fbpx
Arts & artistsCulture

Beyond the Denim: Ian Berry on art and community

Ian Berry: Why he no longer wears denim and how in his art “The constant thing, taking away the portraits, is community.” 

Entering the apartment-cum-studio where Ian Berry lives, it is unsurprising that denim can be seen everywhere. It is the chosen medium for his art after all. Ducking to avoid the low beams of the converted warehouse space, inside his studio the floor is littered with denim offcuts. 

In some places it is knee-deep. A rack of jeans colour coordinated from light to dark, like an artist’s palate loaded with paint waiting to produce a masterpiece, occupies one wall. 

What is surprising, is that he isn’t wearing any. He hasn’t worn denim for a while.

‘Last year I stopped wearing it. Sick of it. I caught my reflection in New York wearing jeans, and it just looked really boring.’ 

‘Swapped to these black pants and ever since, I just haven’t.’

‘I used to say, like, denim is for everyone and art should be for everyone. But I feel my mentality has changed. Art has become more accessible… Instagram and social media has helped younger artists come in and get noticed.’

Ian Berry is an Artist from Huddersfield but has spent the last eight years living in Poplar. Following a less traditional route into art, he studied advertising at Bucks New Uni in High Wycombe. 

Described by the Catto Gallery as ‘one of the UK’s Bone Fida art world stars’ it is easy to see why when viewing his work. It is all produced using denim, layering different shades on top of each other to create pictures based on photographs he has taken.

In the space where he lives above his studio, examples of his work can be seen. An elaborate chandelier of dangling flowers, a vase filled with a bouquet, and a large picture of a woman lying in bed facing away from the viewer.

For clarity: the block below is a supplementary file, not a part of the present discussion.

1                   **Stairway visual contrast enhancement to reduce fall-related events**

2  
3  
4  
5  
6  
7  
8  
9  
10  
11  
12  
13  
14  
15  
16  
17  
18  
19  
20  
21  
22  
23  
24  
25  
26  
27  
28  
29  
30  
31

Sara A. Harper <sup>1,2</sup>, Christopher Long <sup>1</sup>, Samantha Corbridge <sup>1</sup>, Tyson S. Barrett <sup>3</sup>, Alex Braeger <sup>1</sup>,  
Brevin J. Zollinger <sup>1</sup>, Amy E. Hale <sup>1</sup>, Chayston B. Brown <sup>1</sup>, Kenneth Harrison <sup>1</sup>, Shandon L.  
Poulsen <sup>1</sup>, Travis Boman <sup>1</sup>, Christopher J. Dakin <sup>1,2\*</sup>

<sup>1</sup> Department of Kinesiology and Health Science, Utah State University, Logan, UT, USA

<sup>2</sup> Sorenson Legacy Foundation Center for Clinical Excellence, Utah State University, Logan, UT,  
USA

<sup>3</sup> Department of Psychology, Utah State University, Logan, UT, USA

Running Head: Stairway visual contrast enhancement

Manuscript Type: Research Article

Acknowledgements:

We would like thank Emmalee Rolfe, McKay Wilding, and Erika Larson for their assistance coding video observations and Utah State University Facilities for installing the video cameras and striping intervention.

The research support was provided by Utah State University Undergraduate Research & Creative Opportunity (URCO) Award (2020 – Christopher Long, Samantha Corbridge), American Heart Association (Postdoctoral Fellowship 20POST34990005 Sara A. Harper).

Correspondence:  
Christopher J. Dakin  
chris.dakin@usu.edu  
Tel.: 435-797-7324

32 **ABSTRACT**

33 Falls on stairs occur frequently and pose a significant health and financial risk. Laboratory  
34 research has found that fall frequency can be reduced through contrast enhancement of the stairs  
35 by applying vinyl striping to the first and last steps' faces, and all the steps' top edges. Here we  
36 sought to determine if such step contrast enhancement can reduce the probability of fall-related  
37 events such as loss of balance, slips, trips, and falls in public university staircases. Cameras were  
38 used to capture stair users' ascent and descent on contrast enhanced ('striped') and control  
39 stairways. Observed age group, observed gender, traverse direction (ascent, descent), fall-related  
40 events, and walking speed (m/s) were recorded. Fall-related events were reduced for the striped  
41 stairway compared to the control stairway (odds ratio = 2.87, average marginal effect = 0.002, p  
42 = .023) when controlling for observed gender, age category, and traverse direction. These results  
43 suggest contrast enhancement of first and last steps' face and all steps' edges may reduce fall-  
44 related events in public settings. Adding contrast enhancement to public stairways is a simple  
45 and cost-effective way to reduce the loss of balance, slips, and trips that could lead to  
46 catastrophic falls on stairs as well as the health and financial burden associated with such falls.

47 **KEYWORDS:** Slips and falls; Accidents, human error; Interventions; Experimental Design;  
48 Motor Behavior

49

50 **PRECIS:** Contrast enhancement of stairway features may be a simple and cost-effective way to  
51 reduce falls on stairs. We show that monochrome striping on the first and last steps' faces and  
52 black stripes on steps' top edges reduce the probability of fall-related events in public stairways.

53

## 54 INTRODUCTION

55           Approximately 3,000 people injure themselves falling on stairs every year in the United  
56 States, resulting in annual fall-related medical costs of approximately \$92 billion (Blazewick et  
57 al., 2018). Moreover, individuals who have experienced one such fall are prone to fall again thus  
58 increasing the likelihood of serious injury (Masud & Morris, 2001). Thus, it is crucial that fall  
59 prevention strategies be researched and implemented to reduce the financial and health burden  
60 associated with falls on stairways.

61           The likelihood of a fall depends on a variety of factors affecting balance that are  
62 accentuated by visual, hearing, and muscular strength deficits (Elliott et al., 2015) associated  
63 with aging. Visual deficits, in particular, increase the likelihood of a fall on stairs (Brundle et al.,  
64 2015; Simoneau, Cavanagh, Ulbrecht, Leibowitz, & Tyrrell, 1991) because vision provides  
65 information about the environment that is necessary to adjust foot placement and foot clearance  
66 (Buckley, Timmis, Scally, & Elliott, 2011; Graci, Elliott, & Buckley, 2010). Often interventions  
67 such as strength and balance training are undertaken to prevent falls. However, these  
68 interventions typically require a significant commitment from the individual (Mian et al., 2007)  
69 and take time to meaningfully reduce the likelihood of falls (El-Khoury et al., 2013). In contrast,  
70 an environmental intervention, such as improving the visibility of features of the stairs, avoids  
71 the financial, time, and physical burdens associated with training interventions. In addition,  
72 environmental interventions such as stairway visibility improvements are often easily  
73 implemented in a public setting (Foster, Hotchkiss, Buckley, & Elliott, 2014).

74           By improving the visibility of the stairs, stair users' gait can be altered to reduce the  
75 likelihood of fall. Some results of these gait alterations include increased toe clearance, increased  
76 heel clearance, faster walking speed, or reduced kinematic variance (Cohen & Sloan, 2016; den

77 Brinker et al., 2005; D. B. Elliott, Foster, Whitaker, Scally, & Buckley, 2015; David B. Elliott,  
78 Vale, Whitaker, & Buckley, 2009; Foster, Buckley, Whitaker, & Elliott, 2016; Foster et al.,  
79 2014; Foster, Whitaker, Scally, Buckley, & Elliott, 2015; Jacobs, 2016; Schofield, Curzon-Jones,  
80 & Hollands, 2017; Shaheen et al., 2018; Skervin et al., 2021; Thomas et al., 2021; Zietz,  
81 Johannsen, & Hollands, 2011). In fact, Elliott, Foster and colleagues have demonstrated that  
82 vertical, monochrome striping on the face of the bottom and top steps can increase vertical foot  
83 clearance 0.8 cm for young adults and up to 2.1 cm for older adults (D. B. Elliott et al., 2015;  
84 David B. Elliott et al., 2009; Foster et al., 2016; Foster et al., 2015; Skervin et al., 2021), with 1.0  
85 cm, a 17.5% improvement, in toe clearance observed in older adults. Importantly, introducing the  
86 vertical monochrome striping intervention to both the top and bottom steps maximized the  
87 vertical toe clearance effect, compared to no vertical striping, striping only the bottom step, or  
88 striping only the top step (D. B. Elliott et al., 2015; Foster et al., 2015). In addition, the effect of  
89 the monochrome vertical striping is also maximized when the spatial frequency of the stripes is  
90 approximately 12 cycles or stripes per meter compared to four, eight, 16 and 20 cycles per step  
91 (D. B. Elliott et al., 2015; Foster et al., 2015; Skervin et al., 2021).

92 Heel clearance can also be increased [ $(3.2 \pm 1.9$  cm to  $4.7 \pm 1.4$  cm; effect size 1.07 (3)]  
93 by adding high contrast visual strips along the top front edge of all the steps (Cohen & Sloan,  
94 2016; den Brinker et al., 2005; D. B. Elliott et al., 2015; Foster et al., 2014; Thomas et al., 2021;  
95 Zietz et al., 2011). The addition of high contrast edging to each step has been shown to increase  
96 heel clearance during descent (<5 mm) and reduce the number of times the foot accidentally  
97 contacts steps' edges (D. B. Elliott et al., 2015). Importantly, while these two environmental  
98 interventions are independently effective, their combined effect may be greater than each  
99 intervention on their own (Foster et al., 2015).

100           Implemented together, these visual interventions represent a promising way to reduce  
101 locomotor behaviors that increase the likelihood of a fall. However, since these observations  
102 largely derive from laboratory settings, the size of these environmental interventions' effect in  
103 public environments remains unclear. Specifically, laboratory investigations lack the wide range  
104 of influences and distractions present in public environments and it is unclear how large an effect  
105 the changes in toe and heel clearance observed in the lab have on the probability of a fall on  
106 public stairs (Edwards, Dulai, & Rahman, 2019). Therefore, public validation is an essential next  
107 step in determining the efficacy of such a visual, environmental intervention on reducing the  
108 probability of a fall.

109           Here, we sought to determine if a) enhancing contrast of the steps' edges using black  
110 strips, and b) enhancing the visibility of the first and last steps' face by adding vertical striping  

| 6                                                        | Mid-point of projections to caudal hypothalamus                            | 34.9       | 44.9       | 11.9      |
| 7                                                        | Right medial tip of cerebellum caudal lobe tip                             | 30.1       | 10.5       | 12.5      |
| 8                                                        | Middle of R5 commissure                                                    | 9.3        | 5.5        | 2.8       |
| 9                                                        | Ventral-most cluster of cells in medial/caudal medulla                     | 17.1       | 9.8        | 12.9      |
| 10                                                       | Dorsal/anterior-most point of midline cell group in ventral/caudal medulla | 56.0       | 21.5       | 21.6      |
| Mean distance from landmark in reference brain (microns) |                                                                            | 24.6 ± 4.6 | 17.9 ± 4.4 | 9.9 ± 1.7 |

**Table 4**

All are made completely from denim. 

Denim flowers and vase by Ian Berry.
Flowers and vase made by Ian Berry from denim. Image by Robert Postings.

He’s often asked about different materials, and in light of the lack of denim he is wearing I had to ask too. He replied: ‘I had an idea about doing football shirts. Some people have asked me to do pitches that are different materials.’ However, he has no plans to change anything. ‘The beauty with my denim is it has the shades and the gradients on, whereas other materials don’t have that.’

This can be seen clearly in the picture hanging in his apartment. From a distance, it is easily mistaken for a painting.

Drawing closer you can see the detail. The layers of denim create groves and rises, adding shadows, almost a sculpture. The various indigos combine to create a whole. 

It is clear why Ian says it is better to view his work in person, as opposed to in pictures. 

Sleeping Alone picture made by Ian Berry.
‘Sleeping Alone’ by Ian Berry.

Denim is the most obvious unifying factor of his work, but it is not the only one. While he may not get at it directly, ‘The constant thing, taking away the portraits, is community.’ 

He cites the work he has done relating to record shops and pictures of laundrettes. 

‘I think a lot of issues around today are from the lack of community.’

‘I just think about VE day celebrations… There was a community, a support network. People would help each other.’ 

‘The thing I’ve found is that there’s so many ways to be social now on your phones, but it feels like less. More and more people are becoming isolated.’

‘It is really really lonely to live in a big city.’

Other ideas relating to community he has not yet had time to bring to life. ‘I wanted to do something like local pubs closing down.’ Another idea was ‘workers in Canary Wharf, alone in the offices late at night.’

A picture by Ian Berry of the Launderette at Crisp Street Market.
‘Waiting For My Steve McQueen’ picture by Ian Berry of the launderette at Crisp Street Market.

The latter idea evokes the feelings shown by the picture hanging on his wall. Intensified by the indigos of his chosen medium, it conjures up deep emotions of loneliness.

‘I have one body of work based around that, which was called Behind Closed Doors.’ 

Ian would create pictures portraying beautiful houses and rooms as you would find in home magazines but with one person in it ‘projecting scenes of loneliness’. The viewer would ask, what are they thinking?

This work was a reflection of a few things including Ian’s own feelings.

‘People had stopped supporting me I’d noticed and just thought “he’s doing really well”, and just assuming. Assuming I’d had money and things.